Designing New York’s Food Future

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The Final Mile concluded in March 2016 with a panel discussion at the SVA Theatre in Chelsea. Part of the inspiration for the Final Mile was the swelling interest in food evident through the proliferation of farmer’s markets, food festivals, celebrity chefs, and food selfies. Every new development currently being built or proposed in New York has some food component such as a food hall or market or other unique dining experience. Yet with all of this interest and focus on food, nearly 3 million New Yorkers are still without adequate access to fresh food. Over the course of the series, OHNY visited nearly 30 different sites, from food incubators to urban farms, to food halls and distribution markets. As a whole, the Final Mile looked at how food has shaped the physical city over time and to begin to consider how the surging interest in food may continue to shape the city in the future.

To round out the series and to specifically tackle the question of the future of the city and its food system, Open House New York invited four panelists to join executive director Gregory Wessner in conversation. Panelists included: Kathleen Bakewell, a new York-based landscape architect, founding principal of Brook Farm Group, and executive director of BioCities; Carolyn Dimitri, an applied economist who studies food systems and policy and the current director of the Food Studies PhD program at NYU; Adam Lubinksy, managing principal at WXY Architecture and Urban Design; and Ray Figeuroa, a long-time advocate for community gardens and president of the New York City Community Garden Coalition. What follows here is a selection of excerpts from the discussion.

OHNY > The Final Mile > Designing New York’s Food Future

Left to right: Ray Figueroa, Kathleen Bakewell, Adam Lubinskk, Carolyn Dimitri, and Gregory Wessner (Photo: David Mark Erickson)

Gregory Wessner: One of the things that became painfully obvious during The Final Mile-which we also heard in the series on manufacturing that Open House did in 2014-is that there is a hyper-intense competition for land in New York, especially for the kinds of services that are necessary to meet the city’s basic needs like commercial kitchens and food distribution facilities and warehouses. Land in New York is inevitably used for housing-even in areas where it is expressly forbidden by zoning-because housing will always deliver the greatest economic return. I don’t know that there is an answer to this question, but even if we all agree that we need more housing, and more affordable housing, how do we reconcile all of these needs competing for a limited amount of space?

Ray Figeuroa: Sure, let’s take a stab at it. I’m thinking of a grandmother up at Brook Park who says, “I’m so grateful for my plot where I can grow my squash and my beans. When rent is due, at least it takes the edge off of me in terms of providing for my family.” You can go around to any number of neighborhoods–I look at East Harlem, I look at the South Bronx, well over 50% of folks are rent burdened in these areas of the city, as I’m sure they are in similarly situated communities in Brooklyn and other parts of the city. About a quarter are extremely rent burdened and when you are rent burdened, you become food insecure.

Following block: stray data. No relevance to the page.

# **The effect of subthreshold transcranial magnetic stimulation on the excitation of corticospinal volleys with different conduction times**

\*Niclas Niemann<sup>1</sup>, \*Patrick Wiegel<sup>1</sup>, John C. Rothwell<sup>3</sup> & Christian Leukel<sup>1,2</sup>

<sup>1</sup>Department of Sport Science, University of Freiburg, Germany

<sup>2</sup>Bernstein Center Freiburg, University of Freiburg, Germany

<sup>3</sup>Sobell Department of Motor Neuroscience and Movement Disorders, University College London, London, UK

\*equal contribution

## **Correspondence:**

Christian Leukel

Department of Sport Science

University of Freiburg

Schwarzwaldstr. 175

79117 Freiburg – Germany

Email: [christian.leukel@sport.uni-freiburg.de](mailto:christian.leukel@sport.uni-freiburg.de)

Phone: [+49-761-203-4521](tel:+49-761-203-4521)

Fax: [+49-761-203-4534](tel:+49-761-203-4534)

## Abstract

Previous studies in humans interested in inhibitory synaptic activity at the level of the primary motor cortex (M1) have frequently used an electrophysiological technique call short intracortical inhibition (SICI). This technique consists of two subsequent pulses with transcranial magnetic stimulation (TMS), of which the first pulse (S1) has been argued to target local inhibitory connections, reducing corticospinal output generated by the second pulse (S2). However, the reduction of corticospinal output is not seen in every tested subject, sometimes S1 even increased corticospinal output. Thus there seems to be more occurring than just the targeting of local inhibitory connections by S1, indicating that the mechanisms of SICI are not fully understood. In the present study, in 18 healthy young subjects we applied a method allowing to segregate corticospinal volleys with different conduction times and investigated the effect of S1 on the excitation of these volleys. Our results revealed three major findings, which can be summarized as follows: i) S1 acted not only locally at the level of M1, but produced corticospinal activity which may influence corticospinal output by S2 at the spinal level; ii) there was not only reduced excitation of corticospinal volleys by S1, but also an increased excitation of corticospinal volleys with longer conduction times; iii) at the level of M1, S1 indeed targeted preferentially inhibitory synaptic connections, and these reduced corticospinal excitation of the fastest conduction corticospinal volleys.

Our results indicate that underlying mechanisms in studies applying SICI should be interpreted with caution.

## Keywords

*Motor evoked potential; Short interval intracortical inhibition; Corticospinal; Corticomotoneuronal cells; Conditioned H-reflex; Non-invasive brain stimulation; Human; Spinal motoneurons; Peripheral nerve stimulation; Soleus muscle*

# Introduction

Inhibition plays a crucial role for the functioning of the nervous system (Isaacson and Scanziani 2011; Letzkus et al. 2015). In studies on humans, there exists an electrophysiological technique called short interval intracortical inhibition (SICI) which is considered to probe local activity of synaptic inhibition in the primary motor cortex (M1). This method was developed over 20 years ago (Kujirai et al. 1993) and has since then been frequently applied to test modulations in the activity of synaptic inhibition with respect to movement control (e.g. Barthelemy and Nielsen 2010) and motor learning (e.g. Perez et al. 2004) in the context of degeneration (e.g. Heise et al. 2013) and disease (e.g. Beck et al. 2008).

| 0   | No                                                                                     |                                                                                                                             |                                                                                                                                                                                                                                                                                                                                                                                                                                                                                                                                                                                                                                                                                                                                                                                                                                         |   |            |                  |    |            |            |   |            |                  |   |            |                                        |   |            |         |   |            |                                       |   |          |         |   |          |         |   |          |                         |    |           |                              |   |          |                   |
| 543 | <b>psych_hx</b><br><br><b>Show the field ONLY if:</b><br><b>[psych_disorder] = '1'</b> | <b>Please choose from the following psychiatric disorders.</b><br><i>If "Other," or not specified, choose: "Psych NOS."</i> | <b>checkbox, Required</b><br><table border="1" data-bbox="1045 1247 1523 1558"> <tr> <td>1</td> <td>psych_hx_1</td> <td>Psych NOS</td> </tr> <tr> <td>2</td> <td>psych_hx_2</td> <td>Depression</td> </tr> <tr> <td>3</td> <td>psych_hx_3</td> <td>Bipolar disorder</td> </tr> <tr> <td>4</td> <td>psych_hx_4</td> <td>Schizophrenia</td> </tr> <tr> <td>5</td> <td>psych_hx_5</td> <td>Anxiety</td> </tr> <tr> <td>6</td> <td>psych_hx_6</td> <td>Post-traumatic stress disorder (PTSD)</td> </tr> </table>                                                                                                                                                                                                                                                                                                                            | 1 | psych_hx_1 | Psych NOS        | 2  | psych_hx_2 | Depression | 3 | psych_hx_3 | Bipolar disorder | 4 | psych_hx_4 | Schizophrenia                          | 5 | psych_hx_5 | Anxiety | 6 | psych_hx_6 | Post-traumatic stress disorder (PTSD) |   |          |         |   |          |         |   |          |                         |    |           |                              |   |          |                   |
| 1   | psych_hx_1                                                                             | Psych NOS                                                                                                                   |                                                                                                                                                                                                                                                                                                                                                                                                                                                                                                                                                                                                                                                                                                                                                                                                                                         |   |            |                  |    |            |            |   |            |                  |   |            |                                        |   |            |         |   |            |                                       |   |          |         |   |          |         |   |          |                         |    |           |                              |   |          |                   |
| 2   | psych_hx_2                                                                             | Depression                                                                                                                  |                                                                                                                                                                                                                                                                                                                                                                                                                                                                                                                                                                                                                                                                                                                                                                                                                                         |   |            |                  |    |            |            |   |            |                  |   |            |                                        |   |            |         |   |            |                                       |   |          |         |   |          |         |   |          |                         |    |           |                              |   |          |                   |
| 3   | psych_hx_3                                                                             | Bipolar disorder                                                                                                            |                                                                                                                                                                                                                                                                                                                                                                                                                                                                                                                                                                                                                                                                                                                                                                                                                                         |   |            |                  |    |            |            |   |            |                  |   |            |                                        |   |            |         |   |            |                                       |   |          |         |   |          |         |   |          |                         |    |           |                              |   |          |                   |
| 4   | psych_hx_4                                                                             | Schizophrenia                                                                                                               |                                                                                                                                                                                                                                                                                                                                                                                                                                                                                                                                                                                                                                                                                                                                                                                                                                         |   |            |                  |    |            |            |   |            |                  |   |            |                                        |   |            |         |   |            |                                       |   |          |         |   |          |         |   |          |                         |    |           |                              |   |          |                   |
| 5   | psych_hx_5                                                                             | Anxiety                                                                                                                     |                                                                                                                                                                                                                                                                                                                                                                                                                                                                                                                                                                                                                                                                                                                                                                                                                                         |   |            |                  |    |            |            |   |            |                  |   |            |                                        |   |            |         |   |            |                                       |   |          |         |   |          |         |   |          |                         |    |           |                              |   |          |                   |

We gardeners understand and appreciate affordability of housing. We think that there are enough creative minds. With two community development organizations, the New York City Community Garden Coalition and Brook Park, we just submitted proposals to the Economic Development Corporation, to do housing development that incorporates urban farming and community gardens.

Adam Lubinsky: I think one of the ways in which the de Blasio administration is starting to address the issue of affordability, and one of the solutions, is to look at more of what we call density: how do you get more out of your city? Some of that means building up, but also increasingly that means figuring out how to mix different kinds of things together. That may be where people live, and that may be where people work, and that also may be where people garden. A lot of it is both a design and planning challenge.

I think that we’re coming out of an age in which we felt like places of work, places of residence, and places where you shop needed to be separated because there was a lot of noxious production. There still are questions about how best to do this, but I think we are definitely starting to think about ways to mix certain places of production where people live. Creating spaces for gardens–there’s a production side to it, but these spaces also create incredible community capacity. Integrating those community spaces is part of it.

OHNY > The Final Mile > Designing New York’s Food Future

(Photo: David Mark Erickson)

Kathleen Bakewell: To add on to what Adam was saying, I think we are getting more and more creative about the surfaces we’re looking at; some people are talking about vertical gardens. Rooftops, all rooftops, are now open to being claimed for green and open space, not just for food. I marvel every day when I look around the streets and I see thousands and thousands of private cars sitting there empty. To me, that’s another opportunity. That’s a lot of space, maybe not for gardens per se, but claim it for something else and give space to gardens. There’s still a lot of potential that hasn’t been tapped yet. I think we have to keep scraping away at it, going more dense, and looking for all those tiny spaces, or even larger ones.